Matthew
 
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Apr 2018
979
Upland, Sweden
Thanks for the answer! I guess that Greece is not the place to be looking for this then.
It just struck me that I might not have given the whole story for the Greek world.

While what I said is probably true in mainland Greece, I think Magna Graecia pre-Roman conquest could be one of the best candidates in the Med to find an ancient equivalent to an International Road. That would actually make quite a lot of sense, as these cities were richer but more concentrated along the coast - some kind of cooperation in road building with the more rural local Italians and the Roman territories to the north doesn't seem to implausible.

Another possible candidate might be the Greek colonies around the black sea. Most greeks were concentrated along the coast, in or near cities, with the interior being populated largely by non-Greeks. It would make sense for the greeks to sponsor roads inland, in what is really not their territory in order to make commerce flow better. How such roads were maintained and what standards they were... myeh. Different question.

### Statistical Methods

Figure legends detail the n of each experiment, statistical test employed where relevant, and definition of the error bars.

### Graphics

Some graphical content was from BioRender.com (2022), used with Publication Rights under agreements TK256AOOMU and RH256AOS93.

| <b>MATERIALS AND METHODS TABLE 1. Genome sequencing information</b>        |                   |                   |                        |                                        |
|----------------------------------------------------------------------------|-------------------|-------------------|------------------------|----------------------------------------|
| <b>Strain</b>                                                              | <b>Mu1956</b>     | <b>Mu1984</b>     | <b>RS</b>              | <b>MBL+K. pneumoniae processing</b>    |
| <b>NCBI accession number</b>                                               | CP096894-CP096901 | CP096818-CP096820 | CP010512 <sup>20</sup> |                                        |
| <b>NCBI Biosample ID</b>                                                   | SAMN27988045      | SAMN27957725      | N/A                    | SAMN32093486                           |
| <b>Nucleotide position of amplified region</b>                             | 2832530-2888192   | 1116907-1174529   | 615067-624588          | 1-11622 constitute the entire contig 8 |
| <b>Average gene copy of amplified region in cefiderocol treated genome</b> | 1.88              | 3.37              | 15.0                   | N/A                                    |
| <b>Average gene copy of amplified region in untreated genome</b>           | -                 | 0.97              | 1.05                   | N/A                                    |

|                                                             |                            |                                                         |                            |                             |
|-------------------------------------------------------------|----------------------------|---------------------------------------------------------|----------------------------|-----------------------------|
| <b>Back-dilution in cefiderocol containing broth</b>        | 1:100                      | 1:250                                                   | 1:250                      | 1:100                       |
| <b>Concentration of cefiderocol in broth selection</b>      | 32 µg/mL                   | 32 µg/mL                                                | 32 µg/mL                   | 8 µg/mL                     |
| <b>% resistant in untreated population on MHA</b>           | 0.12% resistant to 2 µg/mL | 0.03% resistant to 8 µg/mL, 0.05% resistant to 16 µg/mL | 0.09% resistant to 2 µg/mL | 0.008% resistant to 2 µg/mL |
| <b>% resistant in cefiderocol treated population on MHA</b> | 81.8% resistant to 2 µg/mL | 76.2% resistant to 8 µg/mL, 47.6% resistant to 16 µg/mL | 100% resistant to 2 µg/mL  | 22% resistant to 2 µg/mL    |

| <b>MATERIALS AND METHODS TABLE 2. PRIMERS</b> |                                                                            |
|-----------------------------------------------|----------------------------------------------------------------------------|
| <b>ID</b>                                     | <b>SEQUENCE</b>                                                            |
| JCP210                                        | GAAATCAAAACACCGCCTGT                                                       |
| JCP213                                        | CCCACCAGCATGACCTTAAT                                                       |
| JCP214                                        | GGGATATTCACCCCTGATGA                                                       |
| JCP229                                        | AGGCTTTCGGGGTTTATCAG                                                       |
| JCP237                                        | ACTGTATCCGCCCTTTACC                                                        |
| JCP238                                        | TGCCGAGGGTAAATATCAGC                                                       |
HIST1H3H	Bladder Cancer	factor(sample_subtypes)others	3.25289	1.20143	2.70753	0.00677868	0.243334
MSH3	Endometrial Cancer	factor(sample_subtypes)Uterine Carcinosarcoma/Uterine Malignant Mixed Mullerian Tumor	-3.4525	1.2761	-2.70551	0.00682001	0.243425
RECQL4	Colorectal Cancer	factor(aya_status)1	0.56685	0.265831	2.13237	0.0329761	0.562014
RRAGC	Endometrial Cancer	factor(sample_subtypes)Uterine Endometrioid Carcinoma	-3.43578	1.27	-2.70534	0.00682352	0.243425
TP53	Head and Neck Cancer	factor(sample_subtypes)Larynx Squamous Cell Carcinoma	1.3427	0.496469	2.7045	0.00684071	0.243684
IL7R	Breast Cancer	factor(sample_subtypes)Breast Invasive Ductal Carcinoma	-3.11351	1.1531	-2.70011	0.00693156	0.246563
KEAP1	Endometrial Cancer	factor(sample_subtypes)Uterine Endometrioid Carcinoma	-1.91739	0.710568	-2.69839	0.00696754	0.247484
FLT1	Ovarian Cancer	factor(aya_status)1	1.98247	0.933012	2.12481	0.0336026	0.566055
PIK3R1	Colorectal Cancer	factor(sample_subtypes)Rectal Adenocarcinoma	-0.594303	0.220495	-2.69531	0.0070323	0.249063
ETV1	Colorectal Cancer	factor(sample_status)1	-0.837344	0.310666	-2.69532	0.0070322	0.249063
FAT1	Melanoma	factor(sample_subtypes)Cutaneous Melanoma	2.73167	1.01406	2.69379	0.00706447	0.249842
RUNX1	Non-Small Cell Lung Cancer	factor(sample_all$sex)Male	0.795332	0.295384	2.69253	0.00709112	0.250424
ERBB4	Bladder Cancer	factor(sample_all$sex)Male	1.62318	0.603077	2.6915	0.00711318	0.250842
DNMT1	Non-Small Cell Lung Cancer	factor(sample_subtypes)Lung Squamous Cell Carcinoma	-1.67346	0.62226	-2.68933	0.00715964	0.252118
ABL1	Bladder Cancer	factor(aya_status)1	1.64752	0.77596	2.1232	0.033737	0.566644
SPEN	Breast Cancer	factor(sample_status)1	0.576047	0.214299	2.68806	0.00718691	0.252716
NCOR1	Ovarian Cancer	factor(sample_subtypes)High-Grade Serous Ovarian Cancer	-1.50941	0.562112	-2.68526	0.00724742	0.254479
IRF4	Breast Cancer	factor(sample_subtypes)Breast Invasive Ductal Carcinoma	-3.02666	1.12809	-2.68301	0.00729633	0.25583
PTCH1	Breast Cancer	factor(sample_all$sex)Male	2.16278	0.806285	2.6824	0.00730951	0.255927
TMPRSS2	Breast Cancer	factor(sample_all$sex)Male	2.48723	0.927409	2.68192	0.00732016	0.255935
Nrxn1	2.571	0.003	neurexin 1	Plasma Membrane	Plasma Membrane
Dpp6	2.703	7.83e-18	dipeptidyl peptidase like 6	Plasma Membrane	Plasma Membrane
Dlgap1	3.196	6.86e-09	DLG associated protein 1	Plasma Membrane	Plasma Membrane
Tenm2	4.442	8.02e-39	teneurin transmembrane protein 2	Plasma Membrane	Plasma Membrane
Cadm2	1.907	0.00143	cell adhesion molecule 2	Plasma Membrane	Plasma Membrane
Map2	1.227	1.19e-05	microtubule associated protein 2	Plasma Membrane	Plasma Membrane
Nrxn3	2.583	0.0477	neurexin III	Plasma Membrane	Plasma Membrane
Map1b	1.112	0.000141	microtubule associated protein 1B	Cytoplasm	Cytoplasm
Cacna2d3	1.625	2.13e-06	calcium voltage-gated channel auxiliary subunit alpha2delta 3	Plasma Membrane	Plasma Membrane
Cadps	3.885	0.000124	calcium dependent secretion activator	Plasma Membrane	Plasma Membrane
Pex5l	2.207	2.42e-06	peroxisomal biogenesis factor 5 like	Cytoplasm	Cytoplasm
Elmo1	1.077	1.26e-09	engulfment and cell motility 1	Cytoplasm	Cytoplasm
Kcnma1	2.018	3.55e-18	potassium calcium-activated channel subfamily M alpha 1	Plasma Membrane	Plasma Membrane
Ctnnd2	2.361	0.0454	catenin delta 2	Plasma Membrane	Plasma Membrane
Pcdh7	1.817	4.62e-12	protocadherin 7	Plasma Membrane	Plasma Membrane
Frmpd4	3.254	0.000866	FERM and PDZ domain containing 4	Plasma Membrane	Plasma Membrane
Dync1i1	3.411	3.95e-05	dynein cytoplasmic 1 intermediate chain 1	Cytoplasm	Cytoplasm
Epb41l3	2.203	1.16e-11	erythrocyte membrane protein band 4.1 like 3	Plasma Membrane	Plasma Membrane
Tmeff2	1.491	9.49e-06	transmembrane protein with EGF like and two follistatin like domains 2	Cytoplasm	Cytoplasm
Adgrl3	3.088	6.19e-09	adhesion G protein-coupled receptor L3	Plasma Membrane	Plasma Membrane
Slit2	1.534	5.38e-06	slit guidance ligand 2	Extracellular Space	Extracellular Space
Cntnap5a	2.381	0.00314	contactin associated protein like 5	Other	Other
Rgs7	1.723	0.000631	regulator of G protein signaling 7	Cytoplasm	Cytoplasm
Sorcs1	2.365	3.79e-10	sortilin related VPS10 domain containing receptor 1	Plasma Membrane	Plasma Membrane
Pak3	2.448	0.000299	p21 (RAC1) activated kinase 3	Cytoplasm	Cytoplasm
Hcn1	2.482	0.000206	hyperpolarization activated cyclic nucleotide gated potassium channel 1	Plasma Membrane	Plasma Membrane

All this is just pure speculation though, especially the situation in Southern Italy is probably quite difficult archaeologically as any eventual roads that might have existed now probably have roman roads on top of them. Another thing to remember is that an ancient road could in many ways probably treated as a "sunk cost" - unlike modern concrete/ asphalt high ways... traffic was quite a lot sparser and less tearing in those days.



I wonder if there is any ancient treaty of some kind touching upon these issues. I don't know of any, but it would be fun to find out!
 
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Ichon

Ad Honorem
Mar 2013
3,729
Egypt is perhaps the first place that leaps to my mind- most trade was conducted via waterways but Egypt did build some other systems in territories it did not totally control to facilitate both trade and movement of its own army in future offensive campaigns that went thru that territory to areas more frequently contested and valuable.
 

dreamregent

Ad Honorem
Feb 2013
4,379
Coastal Florida
Egypt is perhaps the first place that leaps to my mind- most trade was conducted via waterways but Egypt did build some other systems in territories it did not totally control to facilitate both trade and movement of its own army in future offensive campaigns that went thru that territory to areas more frequently contested and valuable.
e.g. the Way of Horus linking Egypt and Canaan...